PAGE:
MADRID – It has probably happened to you: you buy tomatoes and when you eat them the taste is bad. And that’s not just the case in the north. Complaints are also made about the quality of tomatoes in Spain today. But there are also positive developments.
No doubt you know them too: tomatoes that look beautiful but are as hard and have almost no taste. In the Netherlands, it has become like a game in the Netherlands to complain about their own tomatoes. Furthermore, often they refer to countries such as Spain or Italy, where tomatoes “still taste like they should”. However, this could not be less true. In Spain, too, it is now common practice to grumble at the table that the tomatoes taste “like cardboard”.
The supermarkets have done it
And the critics in Spain are right. As early as 2019, an article was published in the renowned scientific journal Nature Genetics, which showed that the varieties that dominate the tomato market worldwide are less tasty than rare varieties.
The reason? Tomatoes often have to travel far before they reach your supermarket. And then they still have to look nice. Commercial growers therefore mainly use varieties that can withstand rough handling, have a long life and have a bright red colour. But those are not necessarily the types that are also tasty. In addition, growers are paid per kilo, so it doesn’t pay to grow smaller, more tasty varieties.
Looking for older tomato varieties
Fortunately, there are also people in Spain who are trying to turn the tide. At the Madrid research institute for agriculture and food quality IMIDRA they conduct research into older, local varieties of well-known food crops.
In 2021, the institute was able to make three older tomato varieties suitable for large-scale cultivation again: the Moruno, the Gordo and the Antiguo. These three varieties were widely grown in the vicinity of Madrid until the 1960s, but they gradually fell into oblivion due to the migration from the countryside to the city. In collaboration with local farmers and the supermarket chain Alcampo, the Moruno, Gordo and Antiguo have been re-grown and are sold again in the Alcampo supermarkets in Madrid. The local restaurants also use them in their dishes.
Another development is underway in Andalucia. There, the Andalucian horticultural organisation HORTOAN organises exchange markets where commercial horticulturists and hobby gardeners can exchange seeds of older varieties with each other, without any commercial purpose. This does not only concern the seed of tomatoes, but also, for example, cucumbers and potatoes. This allows the participants to bypass the commercial seed trade. After all, this is mainly aimed at selling the seed of annual plants, with fruits that do well in the supermarket but also have less taste. The barter trade in older, non-annual seed varieties gives growers the opportunity to harvest their own seed from the previous year’s harvest. This way they can provide their own seed and keep older tomato varieties alive.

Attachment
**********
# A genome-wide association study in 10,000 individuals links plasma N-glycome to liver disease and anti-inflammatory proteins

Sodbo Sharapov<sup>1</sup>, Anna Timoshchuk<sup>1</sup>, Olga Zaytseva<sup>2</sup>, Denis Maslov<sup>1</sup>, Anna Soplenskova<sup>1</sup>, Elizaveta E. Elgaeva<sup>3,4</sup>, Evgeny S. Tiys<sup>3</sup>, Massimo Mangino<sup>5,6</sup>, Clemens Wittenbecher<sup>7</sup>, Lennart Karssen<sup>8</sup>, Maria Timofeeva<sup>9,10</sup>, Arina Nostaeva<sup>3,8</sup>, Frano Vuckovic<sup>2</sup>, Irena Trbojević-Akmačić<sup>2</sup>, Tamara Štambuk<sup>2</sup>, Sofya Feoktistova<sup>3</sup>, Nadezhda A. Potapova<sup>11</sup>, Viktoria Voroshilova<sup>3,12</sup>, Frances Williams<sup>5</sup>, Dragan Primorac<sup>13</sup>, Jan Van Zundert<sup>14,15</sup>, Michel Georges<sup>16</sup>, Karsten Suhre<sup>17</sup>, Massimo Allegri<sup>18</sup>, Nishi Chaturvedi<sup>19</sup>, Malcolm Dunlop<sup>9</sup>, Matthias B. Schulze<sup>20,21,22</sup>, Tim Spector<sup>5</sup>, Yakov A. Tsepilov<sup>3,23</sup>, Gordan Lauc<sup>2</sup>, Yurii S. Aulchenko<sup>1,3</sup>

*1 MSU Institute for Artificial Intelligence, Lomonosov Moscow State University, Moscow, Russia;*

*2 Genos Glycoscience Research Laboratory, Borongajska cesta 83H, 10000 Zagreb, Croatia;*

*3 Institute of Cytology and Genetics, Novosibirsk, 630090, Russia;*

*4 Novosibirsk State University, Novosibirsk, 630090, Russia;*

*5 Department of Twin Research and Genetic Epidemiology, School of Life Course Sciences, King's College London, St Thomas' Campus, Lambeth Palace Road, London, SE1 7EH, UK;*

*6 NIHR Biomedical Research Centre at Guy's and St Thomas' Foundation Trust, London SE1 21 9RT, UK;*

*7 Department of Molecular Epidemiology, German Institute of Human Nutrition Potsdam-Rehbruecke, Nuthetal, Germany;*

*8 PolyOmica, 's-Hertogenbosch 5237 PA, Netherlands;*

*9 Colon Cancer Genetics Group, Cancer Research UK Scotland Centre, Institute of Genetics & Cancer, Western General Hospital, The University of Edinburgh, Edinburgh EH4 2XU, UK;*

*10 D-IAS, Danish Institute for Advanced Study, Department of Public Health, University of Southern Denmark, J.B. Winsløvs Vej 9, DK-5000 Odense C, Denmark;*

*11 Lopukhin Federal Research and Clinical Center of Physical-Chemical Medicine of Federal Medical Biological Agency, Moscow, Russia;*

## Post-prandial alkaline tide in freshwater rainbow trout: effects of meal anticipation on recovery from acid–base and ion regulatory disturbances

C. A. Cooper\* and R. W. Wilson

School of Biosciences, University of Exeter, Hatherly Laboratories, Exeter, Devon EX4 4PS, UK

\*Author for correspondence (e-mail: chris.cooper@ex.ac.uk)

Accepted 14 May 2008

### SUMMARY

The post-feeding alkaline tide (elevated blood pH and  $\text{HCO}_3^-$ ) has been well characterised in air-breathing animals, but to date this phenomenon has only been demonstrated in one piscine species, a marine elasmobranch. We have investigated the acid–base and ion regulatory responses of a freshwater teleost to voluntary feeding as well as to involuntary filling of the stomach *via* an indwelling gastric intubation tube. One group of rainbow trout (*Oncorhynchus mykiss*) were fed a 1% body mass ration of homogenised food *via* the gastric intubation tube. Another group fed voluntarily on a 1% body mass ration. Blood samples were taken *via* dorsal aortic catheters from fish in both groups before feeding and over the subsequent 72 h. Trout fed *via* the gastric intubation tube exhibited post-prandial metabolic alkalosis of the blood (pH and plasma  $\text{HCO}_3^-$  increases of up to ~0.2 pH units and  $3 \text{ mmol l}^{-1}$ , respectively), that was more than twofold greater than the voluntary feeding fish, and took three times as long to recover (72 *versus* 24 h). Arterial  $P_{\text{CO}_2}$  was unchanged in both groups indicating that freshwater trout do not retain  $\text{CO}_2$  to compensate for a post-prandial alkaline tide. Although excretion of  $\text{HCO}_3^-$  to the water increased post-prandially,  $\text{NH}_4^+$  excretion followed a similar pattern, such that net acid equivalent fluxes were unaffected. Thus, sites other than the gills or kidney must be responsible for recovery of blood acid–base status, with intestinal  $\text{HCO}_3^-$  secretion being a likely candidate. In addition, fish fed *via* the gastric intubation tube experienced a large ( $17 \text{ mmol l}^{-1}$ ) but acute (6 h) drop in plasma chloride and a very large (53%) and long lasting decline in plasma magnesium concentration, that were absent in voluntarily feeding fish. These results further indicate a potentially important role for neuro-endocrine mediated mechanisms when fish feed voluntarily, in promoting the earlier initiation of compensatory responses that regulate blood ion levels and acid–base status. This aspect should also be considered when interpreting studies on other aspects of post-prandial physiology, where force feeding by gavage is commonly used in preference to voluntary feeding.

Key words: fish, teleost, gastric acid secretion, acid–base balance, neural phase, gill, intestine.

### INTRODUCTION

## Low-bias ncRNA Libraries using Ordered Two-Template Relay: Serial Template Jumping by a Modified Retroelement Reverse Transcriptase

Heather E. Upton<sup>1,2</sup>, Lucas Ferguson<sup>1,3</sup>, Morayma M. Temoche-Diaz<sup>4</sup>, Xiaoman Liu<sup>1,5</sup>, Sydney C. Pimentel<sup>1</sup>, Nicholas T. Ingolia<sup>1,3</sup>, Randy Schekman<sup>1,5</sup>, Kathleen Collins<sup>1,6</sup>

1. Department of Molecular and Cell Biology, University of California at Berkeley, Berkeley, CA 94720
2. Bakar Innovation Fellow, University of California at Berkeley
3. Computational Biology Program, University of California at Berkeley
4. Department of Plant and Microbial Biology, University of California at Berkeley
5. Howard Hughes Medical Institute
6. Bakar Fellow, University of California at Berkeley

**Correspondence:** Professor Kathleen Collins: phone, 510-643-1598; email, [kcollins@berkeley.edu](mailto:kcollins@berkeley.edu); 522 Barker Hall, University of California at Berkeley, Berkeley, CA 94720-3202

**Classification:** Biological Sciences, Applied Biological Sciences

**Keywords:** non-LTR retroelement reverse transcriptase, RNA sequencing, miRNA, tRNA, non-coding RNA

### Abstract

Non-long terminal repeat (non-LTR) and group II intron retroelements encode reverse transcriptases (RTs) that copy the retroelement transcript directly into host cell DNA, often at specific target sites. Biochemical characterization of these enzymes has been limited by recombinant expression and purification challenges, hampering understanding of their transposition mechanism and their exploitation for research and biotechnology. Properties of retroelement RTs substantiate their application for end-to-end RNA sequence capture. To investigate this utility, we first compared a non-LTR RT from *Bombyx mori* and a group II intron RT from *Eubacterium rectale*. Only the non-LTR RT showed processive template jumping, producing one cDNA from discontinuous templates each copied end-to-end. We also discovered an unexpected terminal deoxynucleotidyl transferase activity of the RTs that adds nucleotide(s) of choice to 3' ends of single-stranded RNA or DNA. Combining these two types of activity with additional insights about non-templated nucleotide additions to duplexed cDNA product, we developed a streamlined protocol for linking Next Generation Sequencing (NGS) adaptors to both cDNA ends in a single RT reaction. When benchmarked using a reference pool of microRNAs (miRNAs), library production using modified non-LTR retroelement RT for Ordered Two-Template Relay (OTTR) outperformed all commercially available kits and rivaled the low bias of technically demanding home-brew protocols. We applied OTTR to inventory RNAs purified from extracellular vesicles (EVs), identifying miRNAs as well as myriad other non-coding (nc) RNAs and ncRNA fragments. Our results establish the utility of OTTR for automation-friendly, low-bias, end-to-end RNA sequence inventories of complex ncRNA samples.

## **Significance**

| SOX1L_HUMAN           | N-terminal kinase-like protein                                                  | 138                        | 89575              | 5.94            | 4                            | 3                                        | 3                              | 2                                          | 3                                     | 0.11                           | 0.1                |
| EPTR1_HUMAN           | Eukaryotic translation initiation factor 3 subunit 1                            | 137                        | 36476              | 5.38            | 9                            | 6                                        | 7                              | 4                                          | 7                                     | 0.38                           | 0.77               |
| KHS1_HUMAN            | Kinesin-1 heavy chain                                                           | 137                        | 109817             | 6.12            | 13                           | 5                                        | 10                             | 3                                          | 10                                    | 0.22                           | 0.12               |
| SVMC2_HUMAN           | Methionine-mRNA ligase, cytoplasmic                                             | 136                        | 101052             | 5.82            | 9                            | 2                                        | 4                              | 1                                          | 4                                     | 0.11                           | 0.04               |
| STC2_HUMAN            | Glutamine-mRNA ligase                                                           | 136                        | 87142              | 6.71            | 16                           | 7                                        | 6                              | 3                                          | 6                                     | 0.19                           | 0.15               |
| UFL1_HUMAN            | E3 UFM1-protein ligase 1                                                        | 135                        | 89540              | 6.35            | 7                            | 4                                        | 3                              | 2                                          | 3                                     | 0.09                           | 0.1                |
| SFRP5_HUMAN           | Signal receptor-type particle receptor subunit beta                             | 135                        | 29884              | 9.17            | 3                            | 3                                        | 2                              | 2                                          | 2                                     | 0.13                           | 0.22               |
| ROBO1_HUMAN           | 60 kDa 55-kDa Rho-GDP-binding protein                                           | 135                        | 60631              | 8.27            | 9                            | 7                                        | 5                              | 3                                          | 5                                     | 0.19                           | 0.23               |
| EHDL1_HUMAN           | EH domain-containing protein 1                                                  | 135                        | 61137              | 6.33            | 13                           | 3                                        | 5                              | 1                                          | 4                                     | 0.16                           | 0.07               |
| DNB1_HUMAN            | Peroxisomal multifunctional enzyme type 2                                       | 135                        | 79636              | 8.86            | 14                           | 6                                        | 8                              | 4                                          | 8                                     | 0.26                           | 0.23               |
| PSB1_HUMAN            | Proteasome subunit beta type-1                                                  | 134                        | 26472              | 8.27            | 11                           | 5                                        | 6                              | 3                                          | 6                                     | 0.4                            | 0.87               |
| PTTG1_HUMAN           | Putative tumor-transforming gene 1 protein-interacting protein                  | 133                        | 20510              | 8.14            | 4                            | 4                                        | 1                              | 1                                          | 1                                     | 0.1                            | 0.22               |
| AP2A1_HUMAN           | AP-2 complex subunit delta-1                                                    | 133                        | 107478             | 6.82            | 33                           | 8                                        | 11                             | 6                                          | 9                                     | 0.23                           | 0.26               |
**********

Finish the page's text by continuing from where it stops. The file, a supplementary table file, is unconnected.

While organisations such as IMIDRA and HORTOAN look to the past for a solution, the Institute of Molecular and Cell Biology in Valencia mainly focuses on the future. International research has already mapped the DNA information of all tomato varieties in the world. This also makes it clear which chemical components in the tomato provide the taste.
With the new so-called CRISPR technology, the institute in Valencia has succeeded in adapting the DNA material of the tomato plant in such a way that the plant produces tasty tomatoes. It would then not be about genetic manipulation in the classical sense, but about imitating a process by which this mutation could also occur spontaneously in nature. However, the CRISPR technique is so new that governments worldwide are still investigating whether they want to legalise it or not. So it will be a while before we will find tasty CRISPR tomatoes in the supermarket.
Tips for home
And what can you do yourself in the meantime to ensure that your tomatoes are and remain tasty? Experts give two tips.
The first tip is simple:
- whatever tomatoes you buy, never keep them in the fridge. It has been scientifically proven that this does not improve the taste of tomatoes.
- when you buy tomatoes, think about what you want to use them for in advance. Regular supermarket tomatoes are fine for a sofrito or a gazpacho. Then the other ingredients will take care of the taste. But in a dish where the tomato stands alone, such as in a salad, it is better to use a good quality tomato. You can find it at the organic supermarket.
But the best tip is probably to just grow your tomatoes yourself. At least if you have the opportunity. And preferably a tomato variety that doesn’t taste like cardboard.
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